The first requirement of the law is that there must be a court finding of domestic violence in the last five years. This requirement can be met in two ways:
- The person has been convicted of domestic violence or abuse, as defined in specific California laws; or
- Any court has made a finding that the person committed domestic violence.
After the first requirement is met, “there is a rebuttable presumption that an award of . . . custody [to that person] . . . is detrimental to the best interest of the child.” This means that the parent who committed domestic violence has an extra heavy burden before custody of any type may be awarded to him. The law directs that the court must consider several factors in determining whether this burden is met:
Whether the parent against whom the finding was met has showed that it is in the child’s best interest for him to receive some form of custody;
- Whether the perpetrator completed any court-ordered batterer’s treatment program, alcohol or drug abuse counseling, or parenting class;
- Whether the perpetrator has complied with the terms of his probation or parole, if applicable;
- Whether the perpetrator’s conduct is governed by a protective or restraining order and, if so, whether he has complied with its terms; and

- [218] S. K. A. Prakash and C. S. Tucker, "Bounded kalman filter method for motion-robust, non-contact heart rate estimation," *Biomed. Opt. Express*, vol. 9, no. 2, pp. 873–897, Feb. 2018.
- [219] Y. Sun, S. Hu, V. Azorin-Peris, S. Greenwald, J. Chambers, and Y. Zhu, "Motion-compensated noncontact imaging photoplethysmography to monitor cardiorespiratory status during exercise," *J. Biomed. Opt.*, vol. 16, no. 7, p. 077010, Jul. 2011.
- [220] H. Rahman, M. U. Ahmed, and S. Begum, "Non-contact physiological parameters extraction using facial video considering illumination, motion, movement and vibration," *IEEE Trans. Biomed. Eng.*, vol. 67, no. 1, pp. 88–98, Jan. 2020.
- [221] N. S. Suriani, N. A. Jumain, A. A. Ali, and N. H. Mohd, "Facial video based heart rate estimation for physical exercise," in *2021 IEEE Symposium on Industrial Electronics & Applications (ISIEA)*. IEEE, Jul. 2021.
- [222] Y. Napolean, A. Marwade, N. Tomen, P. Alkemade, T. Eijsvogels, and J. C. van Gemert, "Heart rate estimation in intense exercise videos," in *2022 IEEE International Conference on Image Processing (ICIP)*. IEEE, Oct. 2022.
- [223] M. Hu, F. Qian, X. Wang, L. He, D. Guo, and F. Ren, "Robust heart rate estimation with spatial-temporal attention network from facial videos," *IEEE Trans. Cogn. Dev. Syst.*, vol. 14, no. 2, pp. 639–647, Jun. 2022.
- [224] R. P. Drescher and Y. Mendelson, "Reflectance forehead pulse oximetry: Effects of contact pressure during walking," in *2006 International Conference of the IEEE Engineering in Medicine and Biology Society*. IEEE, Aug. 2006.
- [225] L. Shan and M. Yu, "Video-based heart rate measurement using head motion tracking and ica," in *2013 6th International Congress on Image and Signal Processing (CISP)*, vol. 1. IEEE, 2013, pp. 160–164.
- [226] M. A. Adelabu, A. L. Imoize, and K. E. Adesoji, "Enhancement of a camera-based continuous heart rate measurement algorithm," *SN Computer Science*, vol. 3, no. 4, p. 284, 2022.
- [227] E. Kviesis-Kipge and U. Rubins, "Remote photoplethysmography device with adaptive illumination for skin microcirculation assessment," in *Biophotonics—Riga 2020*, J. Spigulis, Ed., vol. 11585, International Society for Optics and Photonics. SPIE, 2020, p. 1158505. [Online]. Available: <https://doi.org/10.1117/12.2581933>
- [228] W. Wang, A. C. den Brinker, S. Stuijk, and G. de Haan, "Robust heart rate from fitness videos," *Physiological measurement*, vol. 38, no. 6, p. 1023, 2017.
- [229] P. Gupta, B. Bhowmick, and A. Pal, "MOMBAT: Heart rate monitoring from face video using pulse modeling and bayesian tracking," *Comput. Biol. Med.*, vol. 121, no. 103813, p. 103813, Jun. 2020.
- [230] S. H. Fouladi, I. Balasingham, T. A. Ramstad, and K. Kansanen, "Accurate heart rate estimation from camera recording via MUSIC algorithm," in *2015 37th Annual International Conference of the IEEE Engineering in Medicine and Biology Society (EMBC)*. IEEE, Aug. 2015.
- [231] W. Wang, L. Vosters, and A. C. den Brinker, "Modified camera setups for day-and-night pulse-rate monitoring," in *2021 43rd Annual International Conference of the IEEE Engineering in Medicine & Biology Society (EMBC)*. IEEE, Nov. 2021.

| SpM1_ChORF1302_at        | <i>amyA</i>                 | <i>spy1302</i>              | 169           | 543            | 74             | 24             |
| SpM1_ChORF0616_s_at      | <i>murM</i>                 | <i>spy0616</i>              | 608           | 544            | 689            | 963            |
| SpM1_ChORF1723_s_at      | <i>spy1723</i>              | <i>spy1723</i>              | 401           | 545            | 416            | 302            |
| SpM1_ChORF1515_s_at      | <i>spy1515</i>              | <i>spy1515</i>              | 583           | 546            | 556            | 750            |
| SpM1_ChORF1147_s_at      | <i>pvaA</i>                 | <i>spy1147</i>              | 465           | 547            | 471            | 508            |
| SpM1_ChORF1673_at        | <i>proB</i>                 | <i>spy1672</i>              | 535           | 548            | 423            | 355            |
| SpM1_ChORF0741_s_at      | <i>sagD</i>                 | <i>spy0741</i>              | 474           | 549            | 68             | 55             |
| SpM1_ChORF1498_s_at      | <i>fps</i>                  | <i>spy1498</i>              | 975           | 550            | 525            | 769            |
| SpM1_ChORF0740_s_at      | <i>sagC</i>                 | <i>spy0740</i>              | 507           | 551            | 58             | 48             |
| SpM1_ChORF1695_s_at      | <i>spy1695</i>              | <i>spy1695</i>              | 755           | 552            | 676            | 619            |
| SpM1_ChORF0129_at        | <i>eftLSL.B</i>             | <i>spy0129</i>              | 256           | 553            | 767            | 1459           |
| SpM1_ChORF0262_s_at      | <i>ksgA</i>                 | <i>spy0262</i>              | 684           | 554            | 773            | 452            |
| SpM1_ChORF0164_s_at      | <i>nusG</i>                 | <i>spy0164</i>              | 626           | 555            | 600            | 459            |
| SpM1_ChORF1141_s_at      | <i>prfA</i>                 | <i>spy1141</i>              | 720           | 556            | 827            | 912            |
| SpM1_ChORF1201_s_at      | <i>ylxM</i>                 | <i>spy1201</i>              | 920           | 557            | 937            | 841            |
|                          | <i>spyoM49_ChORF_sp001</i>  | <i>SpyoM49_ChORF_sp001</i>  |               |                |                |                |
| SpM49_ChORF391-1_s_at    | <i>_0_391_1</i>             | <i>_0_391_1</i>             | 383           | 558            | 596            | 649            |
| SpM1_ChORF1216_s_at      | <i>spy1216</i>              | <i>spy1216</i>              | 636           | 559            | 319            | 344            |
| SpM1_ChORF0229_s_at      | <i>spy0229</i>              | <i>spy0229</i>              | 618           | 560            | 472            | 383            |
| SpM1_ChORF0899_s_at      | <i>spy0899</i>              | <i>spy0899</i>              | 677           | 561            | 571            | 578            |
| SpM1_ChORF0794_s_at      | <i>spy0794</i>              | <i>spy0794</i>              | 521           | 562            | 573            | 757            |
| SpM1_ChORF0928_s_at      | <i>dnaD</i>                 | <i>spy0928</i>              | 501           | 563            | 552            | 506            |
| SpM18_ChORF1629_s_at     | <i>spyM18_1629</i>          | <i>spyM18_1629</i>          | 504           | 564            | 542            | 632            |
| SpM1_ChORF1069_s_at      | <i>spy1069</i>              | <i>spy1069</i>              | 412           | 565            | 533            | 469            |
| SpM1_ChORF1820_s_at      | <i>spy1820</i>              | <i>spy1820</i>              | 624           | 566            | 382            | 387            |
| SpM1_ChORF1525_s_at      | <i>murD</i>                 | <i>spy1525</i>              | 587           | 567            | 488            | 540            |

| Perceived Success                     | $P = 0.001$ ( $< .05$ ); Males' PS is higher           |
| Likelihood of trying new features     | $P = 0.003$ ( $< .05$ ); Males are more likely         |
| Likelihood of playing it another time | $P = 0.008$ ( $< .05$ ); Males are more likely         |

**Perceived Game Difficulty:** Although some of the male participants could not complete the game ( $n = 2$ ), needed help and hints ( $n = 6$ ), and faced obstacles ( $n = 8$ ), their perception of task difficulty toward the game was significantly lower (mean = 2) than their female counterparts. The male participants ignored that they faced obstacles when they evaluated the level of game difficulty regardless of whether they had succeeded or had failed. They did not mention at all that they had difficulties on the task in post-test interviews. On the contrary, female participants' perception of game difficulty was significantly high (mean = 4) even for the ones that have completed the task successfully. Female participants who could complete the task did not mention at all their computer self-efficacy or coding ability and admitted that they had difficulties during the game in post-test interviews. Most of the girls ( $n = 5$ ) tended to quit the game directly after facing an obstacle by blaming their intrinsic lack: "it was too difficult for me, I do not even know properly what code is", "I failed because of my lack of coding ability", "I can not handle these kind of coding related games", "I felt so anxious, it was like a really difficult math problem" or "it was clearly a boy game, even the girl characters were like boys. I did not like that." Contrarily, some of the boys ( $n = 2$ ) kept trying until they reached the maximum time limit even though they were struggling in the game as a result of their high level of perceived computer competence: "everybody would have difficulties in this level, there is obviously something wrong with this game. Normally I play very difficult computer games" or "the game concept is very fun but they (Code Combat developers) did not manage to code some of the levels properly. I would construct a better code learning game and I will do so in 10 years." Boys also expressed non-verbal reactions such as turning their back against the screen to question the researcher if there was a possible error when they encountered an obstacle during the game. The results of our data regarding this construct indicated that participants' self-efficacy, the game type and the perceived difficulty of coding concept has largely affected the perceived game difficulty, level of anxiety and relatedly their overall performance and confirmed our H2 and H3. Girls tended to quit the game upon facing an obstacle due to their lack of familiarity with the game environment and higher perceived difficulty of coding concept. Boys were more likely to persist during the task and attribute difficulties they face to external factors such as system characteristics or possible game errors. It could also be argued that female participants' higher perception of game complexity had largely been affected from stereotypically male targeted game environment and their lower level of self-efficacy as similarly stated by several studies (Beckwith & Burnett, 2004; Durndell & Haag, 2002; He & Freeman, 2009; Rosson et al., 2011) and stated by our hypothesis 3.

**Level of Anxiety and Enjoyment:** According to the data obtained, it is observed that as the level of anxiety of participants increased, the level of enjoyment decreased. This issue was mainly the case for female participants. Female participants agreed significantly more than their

- Whether the perpetrator has committed further acts of domestic violence.
California courts often cite to the “best interest of the children” standard when making rulings and issuing decisions on family law matters. Where does this language come from, and what does it mean for you?
California laws, in many places, refer to the “best interest of the children” or “best interest of the child.” The core statute on what this means is California Family Code § 3011, which is a general provision of law relating to custody.
Section 3011 lists several factors that courts must consider when determining what is in the best interest of children:
- The child’s “health, safety, and welfare”;
- Any history of abuse against a child, the other parent, or a parent’s significant other;
- The nature and amount of the child’s contact with both parents; and
- Either parent’s use of illegal, controlled substances, or habitual use of alcohol or prescribed controlled substances.
The “best interest of the child” standard applies to many types of proceedings:
- Legal separation;
- Actions for exclusive custody;
- Custody or visitation actions under the Domestic Violence Prevention Act;
- Custody or visitation actions under the Uniform Parentage Act; and
- Custody or visitation actions under brought by a California district attorney.
The “best interest of the child” standard is also at play in related proceedings, such as child custody evaluations and parenting plans.
The California Legislature’s widespread application of the “the best interest of the child” standard shows its commitment to the health and well-being of children. In hotly contested child support matters, you need an attorney to fight for you and your child. The attorneys at the Law Offices of Judy L. Burger have extensive experience in divorce, child custody, and child support matters. Make the call today to learn how our attorneys can protect you and your children: (415) 293-8314.